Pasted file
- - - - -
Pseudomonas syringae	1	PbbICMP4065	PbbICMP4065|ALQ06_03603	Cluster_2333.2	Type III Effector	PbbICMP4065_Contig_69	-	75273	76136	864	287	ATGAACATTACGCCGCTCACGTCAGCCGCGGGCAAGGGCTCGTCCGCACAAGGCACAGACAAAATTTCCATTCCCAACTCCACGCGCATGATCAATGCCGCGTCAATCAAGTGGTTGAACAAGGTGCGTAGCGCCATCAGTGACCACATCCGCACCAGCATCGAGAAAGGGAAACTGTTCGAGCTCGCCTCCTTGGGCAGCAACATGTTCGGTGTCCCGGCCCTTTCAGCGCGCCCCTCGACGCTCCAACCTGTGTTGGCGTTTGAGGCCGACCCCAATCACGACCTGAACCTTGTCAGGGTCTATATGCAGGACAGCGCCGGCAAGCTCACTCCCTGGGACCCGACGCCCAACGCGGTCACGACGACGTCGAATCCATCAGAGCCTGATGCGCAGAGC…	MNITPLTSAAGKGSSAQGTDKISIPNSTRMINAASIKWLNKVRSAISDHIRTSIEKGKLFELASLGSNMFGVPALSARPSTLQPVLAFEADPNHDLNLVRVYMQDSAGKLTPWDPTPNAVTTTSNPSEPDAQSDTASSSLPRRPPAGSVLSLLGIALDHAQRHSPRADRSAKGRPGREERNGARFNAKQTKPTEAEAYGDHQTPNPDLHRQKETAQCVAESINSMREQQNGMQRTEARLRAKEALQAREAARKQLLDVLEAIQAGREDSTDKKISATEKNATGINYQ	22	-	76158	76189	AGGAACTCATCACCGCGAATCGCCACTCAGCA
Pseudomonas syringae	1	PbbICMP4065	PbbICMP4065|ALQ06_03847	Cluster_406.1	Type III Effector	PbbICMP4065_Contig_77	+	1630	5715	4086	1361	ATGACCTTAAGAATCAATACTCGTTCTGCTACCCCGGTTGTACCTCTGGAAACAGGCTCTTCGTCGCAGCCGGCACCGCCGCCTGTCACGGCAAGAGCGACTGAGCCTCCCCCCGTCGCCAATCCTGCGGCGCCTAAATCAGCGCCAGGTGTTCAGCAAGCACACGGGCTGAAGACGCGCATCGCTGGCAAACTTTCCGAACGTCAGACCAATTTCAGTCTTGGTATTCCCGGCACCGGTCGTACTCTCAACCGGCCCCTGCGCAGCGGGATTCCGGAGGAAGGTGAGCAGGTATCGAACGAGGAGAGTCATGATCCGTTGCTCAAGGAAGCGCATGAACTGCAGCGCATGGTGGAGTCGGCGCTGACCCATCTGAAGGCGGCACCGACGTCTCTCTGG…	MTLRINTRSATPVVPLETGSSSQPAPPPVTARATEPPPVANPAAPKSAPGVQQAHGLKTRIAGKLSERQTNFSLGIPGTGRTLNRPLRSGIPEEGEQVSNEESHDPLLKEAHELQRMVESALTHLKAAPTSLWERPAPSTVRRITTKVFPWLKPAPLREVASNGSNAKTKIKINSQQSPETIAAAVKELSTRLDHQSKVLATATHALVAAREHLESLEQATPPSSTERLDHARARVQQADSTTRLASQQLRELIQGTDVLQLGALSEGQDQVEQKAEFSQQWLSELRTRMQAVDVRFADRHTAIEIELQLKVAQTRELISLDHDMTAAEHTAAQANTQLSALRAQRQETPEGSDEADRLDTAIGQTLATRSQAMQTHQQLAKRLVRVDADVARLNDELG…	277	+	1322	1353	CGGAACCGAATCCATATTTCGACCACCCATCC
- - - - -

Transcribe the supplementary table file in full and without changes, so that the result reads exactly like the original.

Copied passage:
Pseudomonas syringae	1	PbbICMP4065	PbbICMP4065|ALQ06_03603	Cluster_2333.2	Type III Effector	PbbICMP4065_Contig_69	-	75273	76136	864	287	ATGAACATTACGCCGCTCACGTCAGCCGCGGGCAAGGGCTCGTCCGCACAAGGCACAGACAAAATTTCCATTCCCAACTCCACGCGCATGATCAATGCCGCGTCAATCAAGTGGTTGAACAAGGTGCGTAGCGCCATCAGTGACCACATCCGCACCAGCATCGAGAAAGGGAAACTGTTCGAGCTCGCCTCCTTGGGCAGCAACATGTTCGGTGTCCCGGCCCTTTCAGCGCGCCCCTCGACGCTCCAACCTGTGTTGGCGTTTGAGGCCGACCCCAATCACGACCTGAACCTTGTCAGGGTCTATATGCAGGACAGCGCCGGCAAGCTCACTCCCTGGGACCCGACGCCCAACGCGGTCACGACGACGTCGAATCCATCAGAGCCTGATGCGCAGAGC…	MNITPLTSAAGKGSSAQGTDKISIPNSTRMINAASIKWLNKVRSAISDHIRTSIEKGKLFELASLGSNMFGVPALSARPSTLQPVLAFEADPNHDLNLVRVYMQDSAGKLTPWDPTPNAVTTTSNPSEPDAQSDTASSSLPRRPPAGSVLSLLGIALDHAQRHSPRADRSAKGRPGREERNGARFNAKQTKPTEAEAYGDHQTPNPDLHRQKETAQCVAESINSMREQQNGMQRTEARLRAKEALQAREAARKQLLDVLEAIQAGREDSTDKKISATEKNATGINYQ	22	-	76158	76189	AGGAACTCATCACCGCGAATCGCCACTCAGCA
Pseudomonas syringae	1	PbbICMP4065	PbbICMP4065|ALQ06_03847	Cluster_406.1	Type III Effector	PbbICMP4065_Contig_77	+	1630	5715	4086	1361	ATGACCTTAAGAATCAATACTCGTTCTGCTACCCCGGTTGTACCTCTGGAAACAGGCTCTTCGTCGCAGCCGGCACCGCCGCCTGTCACGGCAAGAGCGACTGAGCCTCCCCCCGTCGCCAATCCTGCGGCGCCTAAATCAGCGCCAGGTGTTCAGCAAGCACACGGGCTGAAGACGCGCATCGCTGGCAAACTTTCCGAACGTCAGACCAATTTCAGTCTTGGTATTCCCGGCACCGGTCGTACTCTCAACCGGCCCCTGCGCAGCGGGATTCCGGAGGAAGGTGAGCAGGTATCGAACGAGGAGAGTCATGATCCGTTGCTCAAGGAAGCGCATGAACTGCAGCGCATGGTGGAGTCGGCGCTGACCCATCTGAAGGCGGCACCGACGTCTCTCTGG…	MTLRINTRSATPVVPLETGSSSQPAPPPVTARATEPPPVANPAAPKSAPGVQQAHGLKTRIAGKLSERQTNFSLGIPGTGRTLNRPLRSGIPEEGEQVSNEESHDPLLKEAHELQRMVESALTHLKAAPTSLWERPAPSTVRRITTKVFPWLKPAPLREVASNGSNAKTKIKINSQQSPETIAAAVKELSTRLDHQSKVLATATHALVAAREHLESLEQATPPSSTERLDHARARVQQADSTTRLASQQLRELIQGTDVLQLGALSEGQDQVEQKAEFSQQWLSELRTRMQAVDVRFADRHTAIEIELQLKVAQTRELISLDHDMTAAEHTAAQANTQLSALRAQRQETPEGSDEADRLDTAIGQTLATRSQAMQTHQQLAKRLVRVDADVARLNDELG…	277	+	1322	1353	CGGAACCGAATCCATATTTCGACCACCCATCC